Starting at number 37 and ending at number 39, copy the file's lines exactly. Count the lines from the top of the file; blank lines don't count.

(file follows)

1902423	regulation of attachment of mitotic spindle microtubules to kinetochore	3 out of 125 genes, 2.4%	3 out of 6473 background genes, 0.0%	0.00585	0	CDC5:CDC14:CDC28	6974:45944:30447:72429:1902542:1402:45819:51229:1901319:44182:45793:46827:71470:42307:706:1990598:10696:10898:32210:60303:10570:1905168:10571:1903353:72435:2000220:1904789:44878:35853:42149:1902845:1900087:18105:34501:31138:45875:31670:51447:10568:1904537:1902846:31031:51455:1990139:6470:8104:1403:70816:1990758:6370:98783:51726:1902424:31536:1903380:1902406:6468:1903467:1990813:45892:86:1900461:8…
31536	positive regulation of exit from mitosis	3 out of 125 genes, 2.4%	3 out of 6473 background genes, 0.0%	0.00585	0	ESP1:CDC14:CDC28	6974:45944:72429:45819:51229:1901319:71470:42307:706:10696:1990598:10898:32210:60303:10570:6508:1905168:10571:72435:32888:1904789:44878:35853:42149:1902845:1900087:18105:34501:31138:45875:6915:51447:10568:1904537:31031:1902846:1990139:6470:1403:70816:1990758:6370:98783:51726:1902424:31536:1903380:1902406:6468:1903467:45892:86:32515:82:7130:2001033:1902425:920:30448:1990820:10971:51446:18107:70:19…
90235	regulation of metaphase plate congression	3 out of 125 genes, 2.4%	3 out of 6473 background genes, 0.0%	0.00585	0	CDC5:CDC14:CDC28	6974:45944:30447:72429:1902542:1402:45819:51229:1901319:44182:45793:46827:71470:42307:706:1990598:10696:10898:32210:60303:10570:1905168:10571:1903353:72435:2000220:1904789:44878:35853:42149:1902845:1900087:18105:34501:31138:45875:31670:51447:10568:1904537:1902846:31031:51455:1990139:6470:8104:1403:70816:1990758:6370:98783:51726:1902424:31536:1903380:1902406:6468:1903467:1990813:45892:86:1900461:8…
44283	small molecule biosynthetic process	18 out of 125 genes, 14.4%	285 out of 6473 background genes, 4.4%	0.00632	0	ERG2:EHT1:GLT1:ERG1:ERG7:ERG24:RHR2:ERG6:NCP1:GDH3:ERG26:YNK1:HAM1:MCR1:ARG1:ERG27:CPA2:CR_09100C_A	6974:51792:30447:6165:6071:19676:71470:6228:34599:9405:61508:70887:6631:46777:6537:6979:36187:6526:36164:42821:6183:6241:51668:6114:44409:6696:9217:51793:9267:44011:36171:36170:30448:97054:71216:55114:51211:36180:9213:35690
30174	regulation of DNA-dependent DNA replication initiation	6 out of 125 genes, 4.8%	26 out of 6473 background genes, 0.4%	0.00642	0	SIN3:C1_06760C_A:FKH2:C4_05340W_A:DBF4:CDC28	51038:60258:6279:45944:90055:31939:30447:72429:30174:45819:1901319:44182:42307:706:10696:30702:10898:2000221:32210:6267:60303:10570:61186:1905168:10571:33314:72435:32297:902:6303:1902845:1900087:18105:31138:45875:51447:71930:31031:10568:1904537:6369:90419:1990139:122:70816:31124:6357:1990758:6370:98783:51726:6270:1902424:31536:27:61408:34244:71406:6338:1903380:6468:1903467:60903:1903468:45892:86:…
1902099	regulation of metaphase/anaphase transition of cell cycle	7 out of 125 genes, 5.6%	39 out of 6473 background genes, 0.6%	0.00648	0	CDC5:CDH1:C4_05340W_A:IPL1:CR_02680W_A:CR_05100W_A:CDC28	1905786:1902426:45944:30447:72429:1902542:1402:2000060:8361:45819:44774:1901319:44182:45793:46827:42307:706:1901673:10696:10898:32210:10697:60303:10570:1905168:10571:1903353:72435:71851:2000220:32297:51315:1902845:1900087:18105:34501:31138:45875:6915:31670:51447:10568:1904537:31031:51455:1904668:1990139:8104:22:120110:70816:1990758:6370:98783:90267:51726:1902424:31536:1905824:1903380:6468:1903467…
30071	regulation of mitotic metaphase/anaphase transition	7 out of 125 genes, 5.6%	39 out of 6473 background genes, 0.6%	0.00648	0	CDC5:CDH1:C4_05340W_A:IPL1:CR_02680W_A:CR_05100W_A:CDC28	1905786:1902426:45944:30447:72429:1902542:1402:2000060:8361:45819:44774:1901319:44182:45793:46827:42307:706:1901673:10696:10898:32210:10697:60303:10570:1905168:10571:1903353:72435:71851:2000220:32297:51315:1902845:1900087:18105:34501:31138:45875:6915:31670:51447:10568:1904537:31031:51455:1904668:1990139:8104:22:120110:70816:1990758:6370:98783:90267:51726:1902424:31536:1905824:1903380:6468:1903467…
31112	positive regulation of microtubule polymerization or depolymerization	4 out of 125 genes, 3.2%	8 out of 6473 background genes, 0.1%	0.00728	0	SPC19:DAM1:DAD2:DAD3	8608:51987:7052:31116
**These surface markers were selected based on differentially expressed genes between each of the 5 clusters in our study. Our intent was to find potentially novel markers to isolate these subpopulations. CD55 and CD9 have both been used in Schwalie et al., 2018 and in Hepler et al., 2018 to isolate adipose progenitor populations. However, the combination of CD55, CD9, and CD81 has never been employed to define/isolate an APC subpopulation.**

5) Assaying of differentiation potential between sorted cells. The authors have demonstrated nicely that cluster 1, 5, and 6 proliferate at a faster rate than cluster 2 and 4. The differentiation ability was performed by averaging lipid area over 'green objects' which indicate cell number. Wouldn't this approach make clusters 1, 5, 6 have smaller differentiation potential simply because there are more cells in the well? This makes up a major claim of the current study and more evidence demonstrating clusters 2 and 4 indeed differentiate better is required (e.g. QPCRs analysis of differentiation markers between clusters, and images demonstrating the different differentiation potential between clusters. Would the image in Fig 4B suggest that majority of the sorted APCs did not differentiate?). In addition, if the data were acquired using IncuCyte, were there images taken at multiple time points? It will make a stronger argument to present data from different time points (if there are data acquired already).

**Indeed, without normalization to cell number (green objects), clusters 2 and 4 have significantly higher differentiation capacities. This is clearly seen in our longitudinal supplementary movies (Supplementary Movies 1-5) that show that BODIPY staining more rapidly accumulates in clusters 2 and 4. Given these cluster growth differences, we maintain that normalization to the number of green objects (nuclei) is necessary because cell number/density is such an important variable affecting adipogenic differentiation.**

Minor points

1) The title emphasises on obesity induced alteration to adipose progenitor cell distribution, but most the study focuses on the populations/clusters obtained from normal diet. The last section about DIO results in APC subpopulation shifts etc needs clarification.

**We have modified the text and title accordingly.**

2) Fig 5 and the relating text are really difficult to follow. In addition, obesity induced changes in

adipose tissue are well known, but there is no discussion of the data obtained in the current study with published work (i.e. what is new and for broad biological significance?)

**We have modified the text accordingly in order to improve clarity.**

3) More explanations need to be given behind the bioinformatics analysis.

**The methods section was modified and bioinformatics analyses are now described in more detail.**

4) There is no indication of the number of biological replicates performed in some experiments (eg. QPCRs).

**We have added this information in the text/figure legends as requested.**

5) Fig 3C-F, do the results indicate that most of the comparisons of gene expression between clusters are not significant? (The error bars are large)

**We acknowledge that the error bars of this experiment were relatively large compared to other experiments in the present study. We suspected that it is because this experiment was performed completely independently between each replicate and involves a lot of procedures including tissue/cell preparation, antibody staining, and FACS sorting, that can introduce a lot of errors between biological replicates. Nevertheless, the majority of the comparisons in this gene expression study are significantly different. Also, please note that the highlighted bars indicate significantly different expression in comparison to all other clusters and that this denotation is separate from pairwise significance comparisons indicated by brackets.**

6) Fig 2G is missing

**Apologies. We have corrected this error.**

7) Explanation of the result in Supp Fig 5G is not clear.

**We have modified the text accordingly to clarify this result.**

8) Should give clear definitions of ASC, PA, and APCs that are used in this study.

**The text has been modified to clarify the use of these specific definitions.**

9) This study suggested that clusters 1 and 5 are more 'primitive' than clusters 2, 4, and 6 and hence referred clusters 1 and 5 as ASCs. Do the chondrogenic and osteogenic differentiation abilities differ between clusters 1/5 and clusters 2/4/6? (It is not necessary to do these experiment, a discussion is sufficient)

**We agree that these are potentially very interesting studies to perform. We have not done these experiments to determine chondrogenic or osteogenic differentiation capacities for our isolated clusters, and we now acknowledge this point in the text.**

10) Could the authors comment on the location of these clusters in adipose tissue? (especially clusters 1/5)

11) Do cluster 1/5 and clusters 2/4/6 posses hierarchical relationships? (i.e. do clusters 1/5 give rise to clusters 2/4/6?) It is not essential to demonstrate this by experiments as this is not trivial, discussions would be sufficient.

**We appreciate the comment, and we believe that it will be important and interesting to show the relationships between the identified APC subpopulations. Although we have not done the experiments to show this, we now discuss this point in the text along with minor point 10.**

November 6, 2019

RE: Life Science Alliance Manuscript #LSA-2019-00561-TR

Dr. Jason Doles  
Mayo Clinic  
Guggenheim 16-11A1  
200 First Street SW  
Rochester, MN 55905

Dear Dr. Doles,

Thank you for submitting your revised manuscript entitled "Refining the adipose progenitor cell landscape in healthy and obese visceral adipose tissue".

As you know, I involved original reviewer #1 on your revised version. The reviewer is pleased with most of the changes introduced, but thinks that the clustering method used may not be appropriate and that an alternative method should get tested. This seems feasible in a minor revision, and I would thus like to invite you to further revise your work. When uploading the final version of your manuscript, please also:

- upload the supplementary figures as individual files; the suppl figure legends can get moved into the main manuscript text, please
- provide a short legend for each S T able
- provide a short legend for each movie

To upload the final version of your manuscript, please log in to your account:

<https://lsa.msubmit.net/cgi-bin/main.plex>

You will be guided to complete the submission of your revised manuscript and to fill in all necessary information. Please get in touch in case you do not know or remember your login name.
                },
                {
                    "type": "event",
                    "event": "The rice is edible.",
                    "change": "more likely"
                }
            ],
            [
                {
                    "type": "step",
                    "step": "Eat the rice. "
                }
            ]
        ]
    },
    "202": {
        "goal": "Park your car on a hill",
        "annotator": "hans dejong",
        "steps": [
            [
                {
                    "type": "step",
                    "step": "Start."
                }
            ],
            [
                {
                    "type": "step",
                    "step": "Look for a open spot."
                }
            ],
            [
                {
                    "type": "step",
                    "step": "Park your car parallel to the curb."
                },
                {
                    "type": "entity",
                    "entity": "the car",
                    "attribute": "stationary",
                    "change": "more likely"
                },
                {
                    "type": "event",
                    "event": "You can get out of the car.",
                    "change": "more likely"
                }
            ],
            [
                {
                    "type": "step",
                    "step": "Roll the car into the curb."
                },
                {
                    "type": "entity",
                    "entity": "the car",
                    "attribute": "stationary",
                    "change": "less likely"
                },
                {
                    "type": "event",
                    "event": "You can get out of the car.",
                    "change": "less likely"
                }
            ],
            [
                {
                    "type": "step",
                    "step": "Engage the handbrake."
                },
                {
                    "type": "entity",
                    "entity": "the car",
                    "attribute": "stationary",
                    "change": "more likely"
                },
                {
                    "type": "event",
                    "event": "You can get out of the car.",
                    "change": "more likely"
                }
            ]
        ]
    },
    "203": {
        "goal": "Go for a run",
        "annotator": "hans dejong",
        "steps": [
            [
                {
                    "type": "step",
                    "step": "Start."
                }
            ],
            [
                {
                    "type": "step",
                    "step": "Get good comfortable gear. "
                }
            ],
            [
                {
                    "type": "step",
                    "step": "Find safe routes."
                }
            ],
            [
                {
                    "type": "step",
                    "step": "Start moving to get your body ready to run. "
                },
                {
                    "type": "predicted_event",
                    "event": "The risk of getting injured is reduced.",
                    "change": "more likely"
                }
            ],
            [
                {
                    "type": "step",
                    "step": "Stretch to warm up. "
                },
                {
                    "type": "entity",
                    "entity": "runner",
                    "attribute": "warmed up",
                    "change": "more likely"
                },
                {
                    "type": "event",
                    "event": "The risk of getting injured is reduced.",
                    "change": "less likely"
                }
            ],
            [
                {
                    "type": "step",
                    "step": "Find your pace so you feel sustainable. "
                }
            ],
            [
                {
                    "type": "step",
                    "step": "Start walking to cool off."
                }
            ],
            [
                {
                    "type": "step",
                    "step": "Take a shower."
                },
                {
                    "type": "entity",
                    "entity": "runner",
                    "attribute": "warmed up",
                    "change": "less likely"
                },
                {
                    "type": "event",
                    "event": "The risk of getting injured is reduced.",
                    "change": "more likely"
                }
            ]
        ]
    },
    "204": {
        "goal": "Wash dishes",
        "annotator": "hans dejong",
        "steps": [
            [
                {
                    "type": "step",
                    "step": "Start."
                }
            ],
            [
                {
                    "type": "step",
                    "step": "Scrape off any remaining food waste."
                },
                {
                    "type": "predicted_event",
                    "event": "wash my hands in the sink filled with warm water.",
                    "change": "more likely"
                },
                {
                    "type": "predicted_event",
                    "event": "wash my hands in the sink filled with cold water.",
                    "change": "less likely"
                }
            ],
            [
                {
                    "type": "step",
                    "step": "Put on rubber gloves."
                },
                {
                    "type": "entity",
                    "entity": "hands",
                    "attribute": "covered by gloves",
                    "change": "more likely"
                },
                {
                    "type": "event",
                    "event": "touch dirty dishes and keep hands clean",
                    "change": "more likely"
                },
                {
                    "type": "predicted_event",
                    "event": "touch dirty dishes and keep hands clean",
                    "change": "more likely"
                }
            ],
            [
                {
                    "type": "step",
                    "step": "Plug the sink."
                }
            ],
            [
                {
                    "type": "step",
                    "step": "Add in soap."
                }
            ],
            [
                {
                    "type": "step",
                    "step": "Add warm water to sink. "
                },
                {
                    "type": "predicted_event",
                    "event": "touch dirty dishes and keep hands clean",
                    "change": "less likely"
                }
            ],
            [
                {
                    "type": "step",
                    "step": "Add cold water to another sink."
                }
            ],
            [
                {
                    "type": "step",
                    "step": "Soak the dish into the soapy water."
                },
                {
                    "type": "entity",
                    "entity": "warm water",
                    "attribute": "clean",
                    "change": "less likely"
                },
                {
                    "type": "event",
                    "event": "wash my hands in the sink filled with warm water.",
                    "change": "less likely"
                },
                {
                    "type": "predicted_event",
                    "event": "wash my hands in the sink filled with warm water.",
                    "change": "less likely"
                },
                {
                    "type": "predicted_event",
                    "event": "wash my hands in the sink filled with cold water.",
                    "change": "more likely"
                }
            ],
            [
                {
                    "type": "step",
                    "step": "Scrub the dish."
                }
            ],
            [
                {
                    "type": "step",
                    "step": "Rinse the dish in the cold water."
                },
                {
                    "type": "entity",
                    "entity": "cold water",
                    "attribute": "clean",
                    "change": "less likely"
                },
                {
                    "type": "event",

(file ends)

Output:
Dr. Jason Doles  
Mayo Clinic  
Guggenheim 16-11A1  